“I call it FICTIVE INTELLIGENCE. It’s my name for the kind of understanding that can only come from reading fiction. It involves sustained concentration, greater empathy and an ability to see beyond the quick [sound bite] to the many various forces that have contributed to the situation: the “accumulation of many small advantages”—or in some cases, disadvantages. The bigger picture, over a longer period. All the subtle shifts and their gathering consequences.”
So wrote author and musician Joe Craig in an impassioned (and clearly eloquent) post on his blog yesterday, a post which I encourage you to read in full. In reflecting on his recent attendance on a national librarian conference (presumably in the UK, where he’s based), Craig has composed a smart, heartfelt, and far-ranging piece on the connection between reading fiction and feeling inspired to be, do, and know more in life that is itself inspiring. To be sure, a certain amount of what he expresses you sort of know already, or sense, or have even expressed yourself in slightly different terms… but there’s something about how he captures these ideas and then extends them that’s really special.
As an example, here’s an idea that particularly hit home for me:
…the world cannot be explained and all its problems solved by tweet-length explanations. We need longer, deeper, richer understanding. We need brains that have been trained by reading novels.
Why did this notion, and for that matter the entire post, strike a chord? Because with its stress on “longer, deeper, richer understanding,” I happen to hear validations of fannish reading and free-choice reading generally. It’s through these practices that young people develop the motivation (though not necessarily the ability) to
- stay with a text over a long period of time
- read the same text repeatedly, or engage in partial re-reading
- read for nuance—the things that are hard to summarize
- make critical distinctions between characters, authors, and even themselves at different points in their careers as readers.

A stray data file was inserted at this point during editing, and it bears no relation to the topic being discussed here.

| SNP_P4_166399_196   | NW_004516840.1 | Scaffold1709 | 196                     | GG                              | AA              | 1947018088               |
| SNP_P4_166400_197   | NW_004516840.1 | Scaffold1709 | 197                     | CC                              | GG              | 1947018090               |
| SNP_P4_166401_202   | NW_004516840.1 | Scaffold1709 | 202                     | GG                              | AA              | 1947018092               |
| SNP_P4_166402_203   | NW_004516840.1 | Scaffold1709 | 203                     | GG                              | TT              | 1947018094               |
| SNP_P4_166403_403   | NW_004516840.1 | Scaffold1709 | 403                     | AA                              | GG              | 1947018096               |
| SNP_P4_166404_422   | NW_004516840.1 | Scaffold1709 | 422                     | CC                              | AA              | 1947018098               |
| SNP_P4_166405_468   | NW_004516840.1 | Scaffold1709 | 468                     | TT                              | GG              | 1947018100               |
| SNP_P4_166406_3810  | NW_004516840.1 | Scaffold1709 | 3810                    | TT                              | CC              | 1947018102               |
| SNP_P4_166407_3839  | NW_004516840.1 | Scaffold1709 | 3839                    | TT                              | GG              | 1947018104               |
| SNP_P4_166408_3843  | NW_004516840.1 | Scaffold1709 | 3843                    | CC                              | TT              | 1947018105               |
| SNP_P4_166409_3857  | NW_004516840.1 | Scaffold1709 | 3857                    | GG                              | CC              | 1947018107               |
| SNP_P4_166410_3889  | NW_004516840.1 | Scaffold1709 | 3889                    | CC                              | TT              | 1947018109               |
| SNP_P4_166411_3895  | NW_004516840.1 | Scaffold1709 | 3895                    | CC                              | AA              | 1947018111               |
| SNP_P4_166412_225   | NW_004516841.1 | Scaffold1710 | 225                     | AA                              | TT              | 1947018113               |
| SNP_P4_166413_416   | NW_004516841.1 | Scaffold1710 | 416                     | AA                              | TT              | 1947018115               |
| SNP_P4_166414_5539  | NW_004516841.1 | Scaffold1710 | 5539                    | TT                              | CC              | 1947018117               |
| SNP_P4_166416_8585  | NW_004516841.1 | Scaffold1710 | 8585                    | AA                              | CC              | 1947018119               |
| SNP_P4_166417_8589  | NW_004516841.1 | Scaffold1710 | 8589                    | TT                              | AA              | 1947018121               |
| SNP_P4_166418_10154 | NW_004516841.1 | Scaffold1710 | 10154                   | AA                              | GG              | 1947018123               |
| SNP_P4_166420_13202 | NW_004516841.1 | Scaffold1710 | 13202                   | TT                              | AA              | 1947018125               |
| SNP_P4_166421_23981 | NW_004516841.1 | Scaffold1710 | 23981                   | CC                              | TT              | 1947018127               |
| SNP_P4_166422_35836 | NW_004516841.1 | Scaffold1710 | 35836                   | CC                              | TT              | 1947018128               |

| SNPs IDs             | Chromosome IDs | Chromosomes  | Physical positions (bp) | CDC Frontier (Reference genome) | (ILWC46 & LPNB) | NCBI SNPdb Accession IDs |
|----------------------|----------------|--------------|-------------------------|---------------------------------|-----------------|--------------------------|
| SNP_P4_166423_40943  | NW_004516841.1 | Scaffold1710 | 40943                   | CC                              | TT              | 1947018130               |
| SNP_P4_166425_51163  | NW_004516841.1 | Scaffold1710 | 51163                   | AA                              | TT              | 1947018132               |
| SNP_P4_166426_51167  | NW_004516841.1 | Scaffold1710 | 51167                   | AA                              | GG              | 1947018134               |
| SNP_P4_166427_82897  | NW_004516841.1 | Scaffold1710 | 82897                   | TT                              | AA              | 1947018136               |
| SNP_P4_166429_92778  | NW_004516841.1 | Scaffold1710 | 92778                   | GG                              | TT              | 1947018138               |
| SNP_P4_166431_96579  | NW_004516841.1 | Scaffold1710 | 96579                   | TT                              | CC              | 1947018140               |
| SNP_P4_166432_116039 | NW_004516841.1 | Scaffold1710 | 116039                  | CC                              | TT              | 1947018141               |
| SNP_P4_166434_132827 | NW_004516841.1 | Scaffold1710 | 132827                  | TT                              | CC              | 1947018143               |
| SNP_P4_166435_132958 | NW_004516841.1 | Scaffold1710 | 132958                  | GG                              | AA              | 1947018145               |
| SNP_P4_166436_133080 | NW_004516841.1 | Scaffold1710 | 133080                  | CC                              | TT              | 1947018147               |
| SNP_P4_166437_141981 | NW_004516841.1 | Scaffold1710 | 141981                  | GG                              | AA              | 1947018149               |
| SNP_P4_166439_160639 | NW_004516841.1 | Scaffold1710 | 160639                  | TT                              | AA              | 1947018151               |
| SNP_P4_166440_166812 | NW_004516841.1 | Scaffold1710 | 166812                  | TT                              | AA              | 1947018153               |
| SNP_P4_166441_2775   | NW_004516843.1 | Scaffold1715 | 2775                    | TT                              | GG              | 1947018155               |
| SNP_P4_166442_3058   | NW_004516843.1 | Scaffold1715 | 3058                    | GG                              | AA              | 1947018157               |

All of these skills are key, as far as I see it, to the development of individuals and societies. In fact, my only addendum to Craig’s insights would be to include book-length nonfiction narratives, as I believe they can also afford us opportunities to appreciate the subtleties of how time and its idiosyncratic confluence of events can shape the lives of individuals, families, communities, and nations.
In any case, who helps foster a lifelong love of this approach to reading? I’d argue that above all it’s librarians, and especially school/youth librarians. Indeed, the idea of libraries, at least in the modern sense of the open lending library, is predicated on the individual patron selecting books for pleasure reading. That’s why the librarian’s role is fundamentally different from that of the English teacher, despite the presence of classroom libraries, the latter’s emphasis on independent reading both outside of and inside school, and so on… because, simply, our current model of curriculum is still based upon the idea that, for the most part, all students read all the same titles that a given class is “to cover.” So inevitably it’s top-down reading selection that occurs as a result, with department chairs, librarian and ELA professional groups, awards committees, book critics, and professional development authors and journals all having a role in helping decide what gets chosen for kids and teens.